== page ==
RIA Third-Party Exams ~ and Other SEC Maybes
New rulemaking governing investment adviser examinations is advancing on the mission list of the Securities and Exchange Commission (“SEC”). According to David Grim, Director of the SEC’s Division of Investment Management, in addition to Form ADV changes the “Division” is working on an initiative concerning potential rulemaking for the third-party compliance reviews of registered investment advisers (“RIAs”).
Third-Party Compliance Reviews of RIAs
Division staff,along with members of the SEC’s Office of Compliance Inspections and Examinations (“OCIE”) will develop a recommendation to establish a program of third-party compliance reviews for RIAs to supplement OCIE reviews to enhancement compliance by RIAs.
SEC Commissioner, Daniel M. Gallagher, covered the rationales for this development in his conference remarks at the Rocky Mountain Securities Conference on May 9, 2014. “There are nearly three times as many investment advisors registered with the SEC than there are broker dealers…due in large part to unfunded mandates imposed upon the SEC by Title IV of Dodd-Frank…there is no SRO interposed between the adviser industry and the SEC like there is for broker-dealers…I worry that this has created the unfortunate side effect of underreported investment adviser rule violations, inappropriately skewing our enforcement statistics by revealing a disproportionate amount of problems on the broker-dealer side…One way to address this imbalance would be to provide for third party examiners of investment advisers—including, potentially, defining the term “third party” to include SROs in order to allow the SROs currently involved in broker-dealer oversight to conduct examinations of “dual hatted” investment advisors as well.”
Pros and Cons of Third-Party Audits:
Pros: Per the SEC Agency Financial Report 2014, it only audited 8-10% of all RIAs in each of the past five years. Congress has not agreed to allocate additional funding toward RIA exams. Industry compliance consulting firms could assume this examination task, freeing SEC resources toward the RIAs posing greater risk.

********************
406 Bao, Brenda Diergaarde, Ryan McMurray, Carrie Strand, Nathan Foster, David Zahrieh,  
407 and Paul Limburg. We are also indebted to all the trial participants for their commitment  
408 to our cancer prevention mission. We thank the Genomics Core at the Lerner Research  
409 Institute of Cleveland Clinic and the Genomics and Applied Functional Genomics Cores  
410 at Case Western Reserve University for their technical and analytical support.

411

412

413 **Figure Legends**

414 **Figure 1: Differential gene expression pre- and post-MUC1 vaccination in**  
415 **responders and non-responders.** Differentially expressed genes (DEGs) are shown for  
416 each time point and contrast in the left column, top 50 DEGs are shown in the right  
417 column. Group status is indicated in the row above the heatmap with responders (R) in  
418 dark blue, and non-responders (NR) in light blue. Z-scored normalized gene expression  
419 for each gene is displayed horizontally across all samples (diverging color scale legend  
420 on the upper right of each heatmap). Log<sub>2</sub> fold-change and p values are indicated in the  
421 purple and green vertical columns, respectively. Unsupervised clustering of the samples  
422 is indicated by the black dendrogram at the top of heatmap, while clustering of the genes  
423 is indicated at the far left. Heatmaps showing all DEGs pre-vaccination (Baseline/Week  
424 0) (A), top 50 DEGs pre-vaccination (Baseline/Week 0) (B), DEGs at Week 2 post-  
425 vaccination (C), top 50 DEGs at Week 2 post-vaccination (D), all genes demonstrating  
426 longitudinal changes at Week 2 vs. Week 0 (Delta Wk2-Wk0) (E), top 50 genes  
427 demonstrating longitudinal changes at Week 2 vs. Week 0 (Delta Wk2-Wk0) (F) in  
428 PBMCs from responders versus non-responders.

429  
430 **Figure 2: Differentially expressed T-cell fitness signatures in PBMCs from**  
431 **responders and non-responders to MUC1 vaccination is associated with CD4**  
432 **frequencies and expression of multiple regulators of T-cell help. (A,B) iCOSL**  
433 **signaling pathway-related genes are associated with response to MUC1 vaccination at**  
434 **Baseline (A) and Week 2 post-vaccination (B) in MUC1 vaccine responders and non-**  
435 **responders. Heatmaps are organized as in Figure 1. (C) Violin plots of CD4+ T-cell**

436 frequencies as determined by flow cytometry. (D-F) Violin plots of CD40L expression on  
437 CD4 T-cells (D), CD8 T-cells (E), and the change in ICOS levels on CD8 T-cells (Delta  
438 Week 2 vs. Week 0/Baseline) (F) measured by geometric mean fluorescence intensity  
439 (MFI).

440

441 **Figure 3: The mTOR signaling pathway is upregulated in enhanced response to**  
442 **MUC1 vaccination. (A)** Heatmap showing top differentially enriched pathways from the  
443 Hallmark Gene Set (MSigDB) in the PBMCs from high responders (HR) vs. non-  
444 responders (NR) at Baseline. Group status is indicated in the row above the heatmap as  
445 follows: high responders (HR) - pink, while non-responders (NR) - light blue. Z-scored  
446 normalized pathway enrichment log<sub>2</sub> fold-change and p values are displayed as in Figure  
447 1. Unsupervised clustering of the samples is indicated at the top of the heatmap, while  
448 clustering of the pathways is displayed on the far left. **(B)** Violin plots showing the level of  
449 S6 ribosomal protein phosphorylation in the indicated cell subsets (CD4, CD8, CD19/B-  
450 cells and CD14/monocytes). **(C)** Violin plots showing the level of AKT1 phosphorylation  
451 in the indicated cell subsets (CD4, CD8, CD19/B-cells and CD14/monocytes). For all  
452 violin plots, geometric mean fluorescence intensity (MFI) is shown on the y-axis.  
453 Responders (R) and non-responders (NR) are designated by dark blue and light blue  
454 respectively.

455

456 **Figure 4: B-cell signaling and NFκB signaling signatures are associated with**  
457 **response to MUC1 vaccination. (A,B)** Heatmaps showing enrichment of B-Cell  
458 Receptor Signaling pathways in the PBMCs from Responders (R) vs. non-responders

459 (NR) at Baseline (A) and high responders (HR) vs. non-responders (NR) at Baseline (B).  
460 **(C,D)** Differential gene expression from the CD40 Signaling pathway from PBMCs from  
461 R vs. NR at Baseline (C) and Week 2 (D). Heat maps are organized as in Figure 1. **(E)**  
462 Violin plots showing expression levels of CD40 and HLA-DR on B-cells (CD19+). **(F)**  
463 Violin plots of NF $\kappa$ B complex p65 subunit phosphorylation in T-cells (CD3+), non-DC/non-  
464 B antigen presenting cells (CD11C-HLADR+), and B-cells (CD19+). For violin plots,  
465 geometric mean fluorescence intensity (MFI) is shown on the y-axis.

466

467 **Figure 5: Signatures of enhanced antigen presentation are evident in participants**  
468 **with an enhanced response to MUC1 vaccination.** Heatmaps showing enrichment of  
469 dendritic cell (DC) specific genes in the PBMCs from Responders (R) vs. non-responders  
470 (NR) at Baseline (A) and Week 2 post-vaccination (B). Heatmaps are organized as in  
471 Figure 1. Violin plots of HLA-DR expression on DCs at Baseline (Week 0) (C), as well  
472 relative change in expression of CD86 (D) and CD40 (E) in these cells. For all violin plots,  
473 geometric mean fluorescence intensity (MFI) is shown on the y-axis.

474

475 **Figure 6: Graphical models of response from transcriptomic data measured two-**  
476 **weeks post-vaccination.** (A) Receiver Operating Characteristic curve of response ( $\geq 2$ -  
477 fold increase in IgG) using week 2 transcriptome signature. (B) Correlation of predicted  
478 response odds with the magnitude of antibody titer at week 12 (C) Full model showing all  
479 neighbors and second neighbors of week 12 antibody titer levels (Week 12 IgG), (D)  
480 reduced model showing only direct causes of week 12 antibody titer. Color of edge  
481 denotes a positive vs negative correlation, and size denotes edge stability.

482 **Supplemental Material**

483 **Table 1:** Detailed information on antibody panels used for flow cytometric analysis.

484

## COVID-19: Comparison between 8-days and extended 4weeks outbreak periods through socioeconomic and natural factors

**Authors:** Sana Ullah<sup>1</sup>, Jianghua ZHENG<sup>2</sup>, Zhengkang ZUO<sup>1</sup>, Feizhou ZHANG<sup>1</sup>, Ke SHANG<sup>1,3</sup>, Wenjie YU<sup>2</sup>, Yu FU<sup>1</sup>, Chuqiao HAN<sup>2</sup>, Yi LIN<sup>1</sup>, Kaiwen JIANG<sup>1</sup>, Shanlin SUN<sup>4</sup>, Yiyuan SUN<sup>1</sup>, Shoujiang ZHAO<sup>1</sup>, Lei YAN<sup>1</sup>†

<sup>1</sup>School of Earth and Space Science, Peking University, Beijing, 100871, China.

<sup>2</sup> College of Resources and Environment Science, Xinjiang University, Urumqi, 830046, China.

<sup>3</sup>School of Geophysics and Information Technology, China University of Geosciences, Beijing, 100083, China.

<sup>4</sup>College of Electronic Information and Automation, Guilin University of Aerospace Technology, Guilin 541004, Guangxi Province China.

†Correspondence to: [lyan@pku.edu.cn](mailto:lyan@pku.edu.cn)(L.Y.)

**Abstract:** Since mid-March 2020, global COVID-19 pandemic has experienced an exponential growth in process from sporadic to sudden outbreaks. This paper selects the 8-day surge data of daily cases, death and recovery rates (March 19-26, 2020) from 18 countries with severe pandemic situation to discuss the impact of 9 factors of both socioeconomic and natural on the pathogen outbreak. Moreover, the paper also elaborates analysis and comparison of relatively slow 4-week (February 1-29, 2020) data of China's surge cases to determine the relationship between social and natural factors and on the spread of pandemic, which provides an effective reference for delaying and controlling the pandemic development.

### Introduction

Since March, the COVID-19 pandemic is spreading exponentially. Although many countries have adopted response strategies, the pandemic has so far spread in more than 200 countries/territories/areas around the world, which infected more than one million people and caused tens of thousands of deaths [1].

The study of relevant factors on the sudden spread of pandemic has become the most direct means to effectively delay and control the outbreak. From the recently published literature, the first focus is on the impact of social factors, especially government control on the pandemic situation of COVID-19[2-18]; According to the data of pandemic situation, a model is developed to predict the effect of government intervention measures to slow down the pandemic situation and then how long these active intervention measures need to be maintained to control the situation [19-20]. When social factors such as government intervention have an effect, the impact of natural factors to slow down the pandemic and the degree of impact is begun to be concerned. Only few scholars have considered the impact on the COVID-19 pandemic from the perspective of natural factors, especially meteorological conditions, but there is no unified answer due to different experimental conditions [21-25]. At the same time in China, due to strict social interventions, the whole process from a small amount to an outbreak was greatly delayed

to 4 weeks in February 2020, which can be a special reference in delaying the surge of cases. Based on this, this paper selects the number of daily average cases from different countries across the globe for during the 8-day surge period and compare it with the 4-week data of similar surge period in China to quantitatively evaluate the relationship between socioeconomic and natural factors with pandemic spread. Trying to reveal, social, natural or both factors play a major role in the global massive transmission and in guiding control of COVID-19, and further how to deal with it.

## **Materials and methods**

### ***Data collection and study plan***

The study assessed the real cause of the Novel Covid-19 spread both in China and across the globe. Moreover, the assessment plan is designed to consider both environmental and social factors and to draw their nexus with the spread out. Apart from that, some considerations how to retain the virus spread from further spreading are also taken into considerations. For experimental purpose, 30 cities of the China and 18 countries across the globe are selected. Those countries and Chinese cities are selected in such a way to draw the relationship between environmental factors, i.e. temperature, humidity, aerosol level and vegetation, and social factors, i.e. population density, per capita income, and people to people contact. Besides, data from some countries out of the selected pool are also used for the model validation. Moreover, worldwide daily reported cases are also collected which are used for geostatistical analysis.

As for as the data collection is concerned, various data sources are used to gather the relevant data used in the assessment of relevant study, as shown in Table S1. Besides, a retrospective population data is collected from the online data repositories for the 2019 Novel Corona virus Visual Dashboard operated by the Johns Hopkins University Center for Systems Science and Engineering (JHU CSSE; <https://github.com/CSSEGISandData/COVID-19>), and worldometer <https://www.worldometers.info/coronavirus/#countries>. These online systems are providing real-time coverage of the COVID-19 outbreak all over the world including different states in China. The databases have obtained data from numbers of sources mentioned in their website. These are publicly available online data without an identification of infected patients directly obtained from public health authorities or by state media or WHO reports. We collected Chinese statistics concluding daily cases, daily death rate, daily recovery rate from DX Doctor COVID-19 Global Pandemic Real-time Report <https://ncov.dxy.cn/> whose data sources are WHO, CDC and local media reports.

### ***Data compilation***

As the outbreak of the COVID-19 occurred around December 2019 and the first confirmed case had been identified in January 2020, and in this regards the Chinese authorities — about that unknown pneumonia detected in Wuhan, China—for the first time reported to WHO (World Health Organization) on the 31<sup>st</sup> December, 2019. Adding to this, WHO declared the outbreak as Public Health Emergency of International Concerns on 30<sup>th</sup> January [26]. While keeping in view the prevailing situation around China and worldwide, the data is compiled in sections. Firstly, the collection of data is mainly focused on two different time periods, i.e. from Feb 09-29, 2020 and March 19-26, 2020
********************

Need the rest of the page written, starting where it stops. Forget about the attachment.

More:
Cons: The cost could be prohibitive for some firms. Third-party examiners would require SEC oversight. Exam standards suited to varied RIA structures do not currently exist for third-party examiners. And the need for a self- regulating organization to supervise RIAs might prove more urgent.
Other Adviser Initiatives
The Division is also working on initiatives towards other new rulemaking in the areas of: RIA business disruption plans and stress testing for large RIAs and RICs (Registered Investment Companies).
Transition Plans for Investment Advisers:
The Division is considering a new requirement that RIAs create and maintain transition plans to prepare for a major disruption in their business, including a major event in the market, dissolution of the adviser, or losing a key adviser member.
Mary Jo White, SEC Chairwoman, addressed this topic on December 11, 2014, “…it is important to recognize that the risks associated with winding down an investment adviser are different than those associated with other kinds of financial firms. Client assets are not the assets of an adviser, and advisers routinely exit the market without significant market impact; those exits, however, are not without challenges… a clear transition plan for that adviser could benefit investors and the market.”
Stress Testing for Large RIAs and RICs:
The Division is considering a new requirement for stress testing by large investment advisers and large investment companies to implement section 165(i) of the Dodd Frank Act.
Chairwoman White also stated last December, “Stress testing is an important tool routinely used by banking regulators. Implementing this new mandate in asset management, while relatively novel, will help market participants and the Commission better understand the potential impact of stress events. Building on what we have learned about stress testing through money market reform, the staff is evaluating what protocols would be appropriate for investment advisers and investment companies.”
RIAs and Advising
Protecting investors through the regulation of RIAs “is a crucial role of the Division.” As of October 1, 2015, there were 11,986 RIAs reporting approximately $66.9 trillion in regulatory assets under management—an 8 percent jump from the start of fiscal year 2015. Per Director Grim’s testimony, here’s the breakdown on investment advice:
- About 60 percent of RIAs advise to individuals.
- About 37 percent of RIAs advise to 29,000 private funds with gross assets of about $10.4 trillion.
- About 3,047 exempt reporting advisers manage over 10,000 private funds accounting for $2.3 trillion.
The SEC’s mission is three fold: to protect investors; to maintain fair, orderly and efficient markets; and facilitate capital formation. “The Division promotes this mission through regulating the asset management industry. A primary function of the Division is to administer the Investment Company Act of 1940 (Investment Company Act) and Investment Advisers Act of 1940 (Investment Advisers Act) and to develop regulatory policy for both investment companies – including mutual funds, closed-end funds, business development companies, unit investment trusts (UITs), and exchange-traded funds (ETFs) – and investment advisers, all of which play a major role in the lives of Americans and our national economy.”